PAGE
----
5 predictions for clean energy in 2017

Will batteries become cheaper? Will solar energy overtake wind in popularity? It may be too early to tell how 2017 will shape up for clean energy but ADB’s Sohail Hasnie is optimistic.

2016 was a successful year for clean energy. How will 2017 shape up? I make five predictions based on last year’s numbers and trends.

My first prediction is that we will see solar energy prices plummet further. Last year brought astonishingly low tariffs for solar generation. This was a pleasant surprise. No one, including Bloomberg New Energy Finance (BNEF), saw it coming so fast. Solar prices at various government-led auctions hit extraordinarily low levels.

Records were broken each month, especially in developing countries, as prices plunged making solar generation cheaper than coal in some countries. The first low result was in January to as low as $64 per MWh in India and later in the year to $29 per MWh in Chile and $24 per MWh in the United Arab Emirates.

The price continues to fall. On 10 February, at an auction in India’s Madhya Pradesh state, the price for 750 MW was about $45 per MWh.

To those who still believe solar energy and storage prices will never wipe out investments in fossil fuels, please open your eyes and look around. The world is changing faster than we all thought.

This year, fossil fuels can expect even more competition. The average cost of coal generation is likely to increase from $60 per MWh to $65-$100 per MWh as stricter environmental regulations and higher risk will be assigned to the investment. The average cost of both wind and solar is about $60-$70 per MWh, and both prices are rapidly falling. Also, let’s not forget that it takes at least five years to build a coal plant, compared to less than six months for a solar plant.

I believe solar prices in some auctions will drop below $25 per MWh in 2017. One auction to watch is in Saudi Arabia, where the price could dip below $30 per MWh. The financing of coal plants could be viewed as infeasible by 2020 or even earlier. Many old coal plants will shut down as their role as base-load providers will change when daytime electricity demand is met by solar backed up by large batteries.

Cheaper batteries

Second prediction: batteries will get even cheaper. BNEF anticipated a 10-15 per cent decline in lithium-ion battery prices for 2016, but they ended up dropping by about 22 per cent due to increased competition and growing awareness of battery-based storage. Global battery storage doubled in 2016 to about 750 MW.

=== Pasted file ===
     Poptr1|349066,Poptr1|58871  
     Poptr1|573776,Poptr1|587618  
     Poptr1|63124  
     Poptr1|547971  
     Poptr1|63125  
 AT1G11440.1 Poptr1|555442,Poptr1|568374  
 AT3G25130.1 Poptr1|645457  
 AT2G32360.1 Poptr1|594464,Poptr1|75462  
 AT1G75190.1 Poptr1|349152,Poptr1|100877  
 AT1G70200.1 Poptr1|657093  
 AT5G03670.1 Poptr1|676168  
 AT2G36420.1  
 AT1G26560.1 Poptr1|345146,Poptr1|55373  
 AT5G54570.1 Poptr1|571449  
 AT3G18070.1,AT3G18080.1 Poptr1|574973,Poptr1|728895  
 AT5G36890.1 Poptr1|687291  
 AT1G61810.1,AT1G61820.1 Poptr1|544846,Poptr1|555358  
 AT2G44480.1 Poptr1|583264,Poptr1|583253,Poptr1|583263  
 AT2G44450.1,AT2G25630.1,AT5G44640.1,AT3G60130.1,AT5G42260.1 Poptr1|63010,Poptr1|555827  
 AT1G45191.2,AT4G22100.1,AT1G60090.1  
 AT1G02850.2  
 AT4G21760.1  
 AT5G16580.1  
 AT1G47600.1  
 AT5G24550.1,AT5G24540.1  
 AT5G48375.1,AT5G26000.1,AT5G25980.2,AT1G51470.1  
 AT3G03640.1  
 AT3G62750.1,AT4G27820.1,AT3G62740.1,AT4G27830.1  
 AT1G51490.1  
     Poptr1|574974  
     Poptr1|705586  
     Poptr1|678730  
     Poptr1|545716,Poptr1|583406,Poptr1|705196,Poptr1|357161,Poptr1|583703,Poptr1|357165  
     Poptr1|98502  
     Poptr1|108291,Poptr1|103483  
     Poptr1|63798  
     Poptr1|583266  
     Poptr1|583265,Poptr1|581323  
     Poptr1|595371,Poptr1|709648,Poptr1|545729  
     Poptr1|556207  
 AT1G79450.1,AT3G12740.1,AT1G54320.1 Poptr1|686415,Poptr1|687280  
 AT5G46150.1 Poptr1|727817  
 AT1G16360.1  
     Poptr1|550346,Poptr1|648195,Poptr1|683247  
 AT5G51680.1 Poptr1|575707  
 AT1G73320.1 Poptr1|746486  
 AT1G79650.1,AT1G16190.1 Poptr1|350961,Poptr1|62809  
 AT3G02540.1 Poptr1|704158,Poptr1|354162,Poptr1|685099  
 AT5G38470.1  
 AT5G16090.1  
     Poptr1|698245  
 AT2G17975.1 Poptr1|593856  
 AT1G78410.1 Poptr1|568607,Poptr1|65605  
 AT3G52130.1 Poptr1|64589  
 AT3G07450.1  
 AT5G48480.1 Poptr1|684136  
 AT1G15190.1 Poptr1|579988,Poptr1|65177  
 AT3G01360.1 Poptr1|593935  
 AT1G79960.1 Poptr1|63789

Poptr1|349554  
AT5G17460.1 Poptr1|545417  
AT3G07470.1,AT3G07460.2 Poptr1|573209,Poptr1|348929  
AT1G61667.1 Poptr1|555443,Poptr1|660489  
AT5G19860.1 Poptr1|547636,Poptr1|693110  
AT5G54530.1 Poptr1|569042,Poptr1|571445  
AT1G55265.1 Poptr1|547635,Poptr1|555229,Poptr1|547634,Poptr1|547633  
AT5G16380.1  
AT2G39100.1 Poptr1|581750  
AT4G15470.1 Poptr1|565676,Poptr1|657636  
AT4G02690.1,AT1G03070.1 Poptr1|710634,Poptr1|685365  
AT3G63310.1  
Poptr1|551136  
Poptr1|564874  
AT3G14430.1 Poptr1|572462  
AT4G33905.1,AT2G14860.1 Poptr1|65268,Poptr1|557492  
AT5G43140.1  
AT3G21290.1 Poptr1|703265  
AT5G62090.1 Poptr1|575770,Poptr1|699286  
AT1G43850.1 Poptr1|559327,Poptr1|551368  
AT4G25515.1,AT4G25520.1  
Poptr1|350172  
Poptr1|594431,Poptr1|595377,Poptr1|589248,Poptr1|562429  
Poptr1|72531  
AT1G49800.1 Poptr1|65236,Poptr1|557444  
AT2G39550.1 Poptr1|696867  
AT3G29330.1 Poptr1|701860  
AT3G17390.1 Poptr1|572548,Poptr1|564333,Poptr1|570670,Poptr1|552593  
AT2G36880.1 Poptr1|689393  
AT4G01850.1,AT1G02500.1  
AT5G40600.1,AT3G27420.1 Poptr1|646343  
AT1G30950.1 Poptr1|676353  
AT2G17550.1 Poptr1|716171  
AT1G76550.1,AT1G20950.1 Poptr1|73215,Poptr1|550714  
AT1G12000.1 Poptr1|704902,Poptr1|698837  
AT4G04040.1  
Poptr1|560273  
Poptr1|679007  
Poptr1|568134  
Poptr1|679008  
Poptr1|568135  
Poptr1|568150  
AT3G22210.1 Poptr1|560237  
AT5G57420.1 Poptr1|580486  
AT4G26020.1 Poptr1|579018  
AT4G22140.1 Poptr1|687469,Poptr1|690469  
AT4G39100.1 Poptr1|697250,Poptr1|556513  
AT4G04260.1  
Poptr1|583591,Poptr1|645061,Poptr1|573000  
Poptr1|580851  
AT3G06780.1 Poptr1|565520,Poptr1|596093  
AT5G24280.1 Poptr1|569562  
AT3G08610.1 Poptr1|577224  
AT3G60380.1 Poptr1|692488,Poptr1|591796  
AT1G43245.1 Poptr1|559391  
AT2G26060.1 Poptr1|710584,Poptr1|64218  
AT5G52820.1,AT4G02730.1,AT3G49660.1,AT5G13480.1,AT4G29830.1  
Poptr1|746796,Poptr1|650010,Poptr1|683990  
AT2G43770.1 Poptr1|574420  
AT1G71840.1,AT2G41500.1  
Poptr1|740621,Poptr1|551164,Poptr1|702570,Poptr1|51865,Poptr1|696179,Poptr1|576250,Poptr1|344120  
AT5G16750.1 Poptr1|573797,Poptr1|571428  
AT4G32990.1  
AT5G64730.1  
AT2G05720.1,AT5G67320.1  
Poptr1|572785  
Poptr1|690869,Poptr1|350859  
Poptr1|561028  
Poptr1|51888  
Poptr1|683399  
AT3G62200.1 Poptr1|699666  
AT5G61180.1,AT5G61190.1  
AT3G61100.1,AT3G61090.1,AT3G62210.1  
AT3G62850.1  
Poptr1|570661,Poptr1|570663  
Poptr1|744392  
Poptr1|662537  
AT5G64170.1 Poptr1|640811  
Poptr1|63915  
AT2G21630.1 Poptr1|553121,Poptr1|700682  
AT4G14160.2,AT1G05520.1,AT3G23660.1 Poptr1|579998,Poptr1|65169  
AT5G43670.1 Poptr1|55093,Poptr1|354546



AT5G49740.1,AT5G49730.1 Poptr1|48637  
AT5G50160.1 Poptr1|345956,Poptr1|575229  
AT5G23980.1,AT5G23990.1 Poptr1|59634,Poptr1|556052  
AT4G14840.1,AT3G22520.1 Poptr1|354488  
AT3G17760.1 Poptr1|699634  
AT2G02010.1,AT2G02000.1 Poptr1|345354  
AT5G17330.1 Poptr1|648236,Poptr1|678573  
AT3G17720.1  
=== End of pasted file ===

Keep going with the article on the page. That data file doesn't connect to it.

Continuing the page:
With Tesla’s Gigafactory now operating with a production capacity of 35,000 MWh by 2020, prices will drop even faster this year. According to Bloomberg they could drop from $350 per KWh in 2016 to about $200 per kWh by 2020. The US Department of Energy’s price target is $125 per kWh by 2020.

Some pundits argue the price will reach $100 per kWh in 2020, but I predict that battery prices will fall even more to $75 KWh by that time.

Thirdly, we can expect global sales of electric vehicles to skyrocket this year. Already, they’re selling extremely well. In 2016, global sales of electric vehicles topped 700,000 units, 30 per cent greater than BNEF’s prediction of 550,000 units. Of the total, 351,000 electric vehicles were sold in the People’s Republic of China (PRC), up 85 per cent from 2015. According to the International Energy Agency (IEA), more than 223 million electric two-wheelers were operating in the PRC in 2016. The IEA anticipates that by 2040 half of new cars sold worldwide will be electric.

Some experts believe electric vehicles will account for half of all sales by 2030. In 2017, I’m confident that global sales will top 1.5 million.

Solar will be king

Fourth, solar will become the pre-eminent form of renewable energy. BNEF rightly predicted that solar energy generation would be cheaper than wind in 2016. About 70,000 MW of new solar generation (56,000 MW in 2015) and 59,000 MW of new wind power (62,000 MW in 2015) came online in 2016.

Investment in solar was propelled by massive technical innovation, which brought down the price of a module to $0.48 per watt in 2016, from $0.74 in 2013 and about $5 in 2000. My take is that in 2017 wind may lose its popularity permanently over solar, and demand will drop dramatically as battery prices drop. The market to watch is Australia.

Finally, with battery prices expected to fall further this year, I expect investments in renewable energy to be greater than for any other energy technology in most parts of the world, and without subsidies. Last year’s investments were 15-20 per cent lower than the record $348.5 billion registered in 2015. This may be partly due to the low prices for solar as volumes for solar, wind and battery saw huge increases from 2015.

To those who still believe solar energy and storage prices will never wipe out investments in fossil fuels, please open your eyes and look around. The world is changing faster than we all thought.

The rise of clean energy is irreversible, and this is crucial for the fight against climate change. Fossils fuels should be left underground, where they belong.

Sohail Hasnie is Principal Energy Specialist, Central and West Asia Department at the Asian Development Bank. This post is republished from the ADB blog.

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